With a recent push for infill development and to reduce our physical footprint on the landscape comes a conundrum for nature: more pressure is put on the little remaining bushland in our urban areas.
The concept of ecological corridors is a way to balance out the needs of urban development and nature. It simply means to provide habitat or natural resources in between our nature reserves that acts as a stepping stone or link to support natural processes.
Many dangers exist for our native animals in the urban area, from car strikes to domestic pets. Corridors in the form of native vegetation, logs or other shelter allows and animals to move more freely and safely between areas. There are several reasons why animals may want or need to more: whether they’re moving for food and water, for breeding, to make seasonal changes, from threats such as fire, or, more recently, to follow preferred habitat as a changing climate causes shifts in plant communities.
Many people use the term wildlife corridors because it is easy to see how they would help animal species, but the term ‘ecological corridor’ is more accurate, since these corridors have many benefits for our native plants too. Corridors provide for the movement of essential pollinators such as birds and insects, which are crucial to plant reproduction. The movement of pollinators along corridors represents the movement of genetics between otherwise isolated reserves. New genetics in a population can create variability and increases the chances of some plants being able to adapt better to threats.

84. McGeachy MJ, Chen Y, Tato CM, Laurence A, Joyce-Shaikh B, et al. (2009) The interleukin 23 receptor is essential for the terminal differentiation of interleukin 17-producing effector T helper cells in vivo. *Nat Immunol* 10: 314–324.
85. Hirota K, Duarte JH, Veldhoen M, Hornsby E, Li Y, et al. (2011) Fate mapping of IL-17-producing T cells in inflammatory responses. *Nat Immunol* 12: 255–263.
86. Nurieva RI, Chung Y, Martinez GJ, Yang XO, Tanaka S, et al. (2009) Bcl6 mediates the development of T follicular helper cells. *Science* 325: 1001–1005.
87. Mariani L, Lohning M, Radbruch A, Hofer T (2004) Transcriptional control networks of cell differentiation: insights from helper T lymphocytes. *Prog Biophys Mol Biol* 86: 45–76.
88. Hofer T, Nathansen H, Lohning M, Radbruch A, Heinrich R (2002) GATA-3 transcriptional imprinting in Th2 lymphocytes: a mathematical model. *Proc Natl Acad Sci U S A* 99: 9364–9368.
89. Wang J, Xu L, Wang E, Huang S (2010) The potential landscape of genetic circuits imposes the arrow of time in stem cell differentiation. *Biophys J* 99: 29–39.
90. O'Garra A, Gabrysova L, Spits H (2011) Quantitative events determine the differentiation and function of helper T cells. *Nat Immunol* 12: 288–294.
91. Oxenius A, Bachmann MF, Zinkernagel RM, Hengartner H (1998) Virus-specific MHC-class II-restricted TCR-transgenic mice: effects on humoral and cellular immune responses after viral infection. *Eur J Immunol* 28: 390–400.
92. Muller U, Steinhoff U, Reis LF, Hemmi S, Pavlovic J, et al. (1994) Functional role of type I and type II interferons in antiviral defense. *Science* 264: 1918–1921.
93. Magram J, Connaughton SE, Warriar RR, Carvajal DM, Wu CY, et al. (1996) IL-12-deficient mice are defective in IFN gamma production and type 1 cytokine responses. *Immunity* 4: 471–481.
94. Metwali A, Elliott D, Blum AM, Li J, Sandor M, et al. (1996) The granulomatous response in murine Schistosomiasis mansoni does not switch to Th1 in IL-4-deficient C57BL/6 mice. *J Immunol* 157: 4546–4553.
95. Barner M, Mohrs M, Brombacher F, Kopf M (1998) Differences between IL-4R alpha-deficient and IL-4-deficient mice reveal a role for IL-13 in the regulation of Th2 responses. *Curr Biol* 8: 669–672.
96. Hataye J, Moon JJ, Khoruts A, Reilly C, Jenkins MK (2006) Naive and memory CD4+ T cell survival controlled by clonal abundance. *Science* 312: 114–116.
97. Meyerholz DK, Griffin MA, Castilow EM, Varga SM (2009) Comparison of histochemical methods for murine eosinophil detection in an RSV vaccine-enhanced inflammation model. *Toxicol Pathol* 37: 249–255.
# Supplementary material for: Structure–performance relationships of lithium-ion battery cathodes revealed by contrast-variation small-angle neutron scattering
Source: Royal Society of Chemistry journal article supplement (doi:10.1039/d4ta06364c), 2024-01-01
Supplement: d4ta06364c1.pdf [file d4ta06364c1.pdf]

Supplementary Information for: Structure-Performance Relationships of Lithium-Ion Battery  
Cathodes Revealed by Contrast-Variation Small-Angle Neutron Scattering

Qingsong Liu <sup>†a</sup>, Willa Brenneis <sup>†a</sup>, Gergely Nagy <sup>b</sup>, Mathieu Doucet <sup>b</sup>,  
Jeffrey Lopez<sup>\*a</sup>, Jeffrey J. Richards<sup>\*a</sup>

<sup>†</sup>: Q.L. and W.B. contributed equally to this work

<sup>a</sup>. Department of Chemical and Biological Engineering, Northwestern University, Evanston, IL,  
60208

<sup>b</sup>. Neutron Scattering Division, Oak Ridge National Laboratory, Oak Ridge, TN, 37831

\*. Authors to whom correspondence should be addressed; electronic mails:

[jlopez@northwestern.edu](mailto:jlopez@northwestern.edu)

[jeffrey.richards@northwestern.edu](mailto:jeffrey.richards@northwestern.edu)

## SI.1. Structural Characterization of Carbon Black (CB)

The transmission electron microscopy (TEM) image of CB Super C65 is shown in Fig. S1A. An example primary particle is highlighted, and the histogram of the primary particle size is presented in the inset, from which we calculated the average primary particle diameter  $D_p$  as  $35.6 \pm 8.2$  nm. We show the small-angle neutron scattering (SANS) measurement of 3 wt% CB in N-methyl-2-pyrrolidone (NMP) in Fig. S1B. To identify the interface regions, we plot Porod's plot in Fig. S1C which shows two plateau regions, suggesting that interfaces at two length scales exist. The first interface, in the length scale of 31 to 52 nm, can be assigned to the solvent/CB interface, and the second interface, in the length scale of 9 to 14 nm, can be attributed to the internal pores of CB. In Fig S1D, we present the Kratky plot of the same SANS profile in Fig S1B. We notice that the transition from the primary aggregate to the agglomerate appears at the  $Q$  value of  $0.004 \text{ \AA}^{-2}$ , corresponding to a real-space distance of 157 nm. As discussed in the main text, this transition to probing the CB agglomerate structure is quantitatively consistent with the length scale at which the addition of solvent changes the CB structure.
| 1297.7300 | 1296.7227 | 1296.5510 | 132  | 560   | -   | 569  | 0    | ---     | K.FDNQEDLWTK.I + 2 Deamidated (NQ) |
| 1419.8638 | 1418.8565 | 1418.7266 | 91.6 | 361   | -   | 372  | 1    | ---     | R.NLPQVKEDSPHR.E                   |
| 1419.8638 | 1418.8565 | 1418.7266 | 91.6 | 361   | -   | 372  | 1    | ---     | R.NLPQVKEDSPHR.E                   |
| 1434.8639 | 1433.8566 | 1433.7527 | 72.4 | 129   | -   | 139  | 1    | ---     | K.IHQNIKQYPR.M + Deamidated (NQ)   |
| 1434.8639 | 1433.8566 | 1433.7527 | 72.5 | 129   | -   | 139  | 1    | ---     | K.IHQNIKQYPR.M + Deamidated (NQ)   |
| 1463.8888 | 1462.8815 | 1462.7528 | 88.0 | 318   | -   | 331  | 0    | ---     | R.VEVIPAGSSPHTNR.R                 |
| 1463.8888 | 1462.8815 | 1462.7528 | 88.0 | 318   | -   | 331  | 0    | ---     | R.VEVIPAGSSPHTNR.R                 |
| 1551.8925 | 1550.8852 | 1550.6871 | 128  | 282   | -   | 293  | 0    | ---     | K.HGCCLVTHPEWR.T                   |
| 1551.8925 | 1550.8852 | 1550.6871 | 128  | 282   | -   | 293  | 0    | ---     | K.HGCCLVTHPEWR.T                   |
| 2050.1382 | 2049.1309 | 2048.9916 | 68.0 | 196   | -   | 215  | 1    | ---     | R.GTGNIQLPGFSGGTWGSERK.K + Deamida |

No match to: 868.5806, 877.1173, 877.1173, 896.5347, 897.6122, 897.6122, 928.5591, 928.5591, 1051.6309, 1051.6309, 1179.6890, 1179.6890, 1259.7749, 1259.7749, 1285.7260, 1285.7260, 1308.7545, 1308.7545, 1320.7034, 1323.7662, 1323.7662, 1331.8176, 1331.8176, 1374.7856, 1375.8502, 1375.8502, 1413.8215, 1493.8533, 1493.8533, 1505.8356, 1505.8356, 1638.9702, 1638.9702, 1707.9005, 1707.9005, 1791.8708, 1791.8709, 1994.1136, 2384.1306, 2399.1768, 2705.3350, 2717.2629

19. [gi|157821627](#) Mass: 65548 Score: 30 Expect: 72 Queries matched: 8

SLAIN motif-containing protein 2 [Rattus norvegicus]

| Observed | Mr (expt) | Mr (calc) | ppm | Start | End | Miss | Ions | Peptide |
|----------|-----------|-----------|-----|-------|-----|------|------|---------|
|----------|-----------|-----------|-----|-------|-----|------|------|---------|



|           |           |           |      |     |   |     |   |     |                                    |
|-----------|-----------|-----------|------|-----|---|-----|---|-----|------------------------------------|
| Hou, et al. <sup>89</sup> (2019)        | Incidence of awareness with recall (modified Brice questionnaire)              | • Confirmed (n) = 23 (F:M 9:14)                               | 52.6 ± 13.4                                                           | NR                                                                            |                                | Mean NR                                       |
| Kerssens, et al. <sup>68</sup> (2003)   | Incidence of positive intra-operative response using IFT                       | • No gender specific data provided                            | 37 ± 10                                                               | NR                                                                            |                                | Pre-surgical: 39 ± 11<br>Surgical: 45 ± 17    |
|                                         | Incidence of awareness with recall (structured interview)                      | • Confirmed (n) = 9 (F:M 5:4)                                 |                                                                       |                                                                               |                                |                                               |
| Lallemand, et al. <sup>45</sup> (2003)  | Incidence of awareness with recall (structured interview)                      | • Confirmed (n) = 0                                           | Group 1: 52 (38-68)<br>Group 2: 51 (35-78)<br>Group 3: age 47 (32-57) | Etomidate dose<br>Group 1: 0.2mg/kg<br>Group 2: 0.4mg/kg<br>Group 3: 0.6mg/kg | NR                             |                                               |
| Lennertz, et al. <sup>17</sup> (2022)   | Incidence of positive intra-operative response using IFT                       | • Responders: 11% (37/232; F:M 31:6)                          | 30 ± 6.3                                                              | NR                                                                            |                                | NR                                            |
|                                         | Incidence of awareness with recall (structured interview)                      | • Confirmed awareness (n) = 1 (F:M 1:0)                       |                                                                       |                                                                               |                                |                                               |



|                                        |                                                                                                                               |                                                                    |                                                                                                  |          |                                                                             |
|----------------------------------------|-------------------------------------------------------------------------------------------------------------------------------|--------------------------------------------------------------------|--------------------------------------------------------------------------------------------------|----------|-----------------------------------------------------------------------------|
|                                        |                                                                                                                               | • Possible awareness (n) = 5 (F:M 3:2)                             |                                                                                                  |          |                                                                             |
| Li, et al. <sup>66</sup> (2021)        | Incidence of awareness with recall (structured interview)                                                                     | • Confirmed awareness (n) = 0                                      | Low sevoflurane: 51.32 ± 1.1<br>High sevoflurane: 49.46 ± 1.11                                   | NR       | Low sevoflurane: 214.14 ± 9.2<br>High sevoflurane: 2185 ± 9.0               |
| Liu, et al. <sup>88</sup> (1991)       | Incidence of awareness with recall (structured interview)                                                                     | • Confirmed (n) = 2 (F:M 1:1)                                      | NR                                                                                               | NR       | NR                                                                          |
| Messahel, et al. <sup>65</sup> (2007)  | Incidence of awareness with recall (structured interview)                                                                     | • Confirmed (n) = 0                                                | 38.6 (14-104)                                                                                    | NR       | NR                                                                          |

Corridors can vary hugely in size, from street trees to small gardens to roadside verges, all the way up to kilometers of vegetation linking across the landscape. The City of Melville has a number of ecological corridors that have been identified, from regionally significant corridors linking the whole of Perth (in green on the map above), down to local streets and neighbourhoods that we think make good links between our natural areas (blue on the map above). Street trees have benefits for us as well as nature, creating microclimates and cooling the ground underneath them, not to mention all the ecosystem services that they provide including storm water treatment, oxygen, cycling of nutrients and of course habitat for animals.
There are many ways that you can assist us in developing a green civilisation. Here are a few examples that can strengthen our ecological corridors:
- Plant a tree or request a street tree
- Create a native verge or garden with a dense shrub layer
- Use logs, leaf litter, bird baths and other habitat items to attract animals to your garden
- Report feral foxes or cats sighted in your neighbourhood
- Keep domestic pets on your property
- Assist your local friends of group in restoring and maintaining bushland reserves
- Participate in citizen science projects that help determine where animals are moving in the landscape
Written by Kellie Fowler | Environmental Education Officer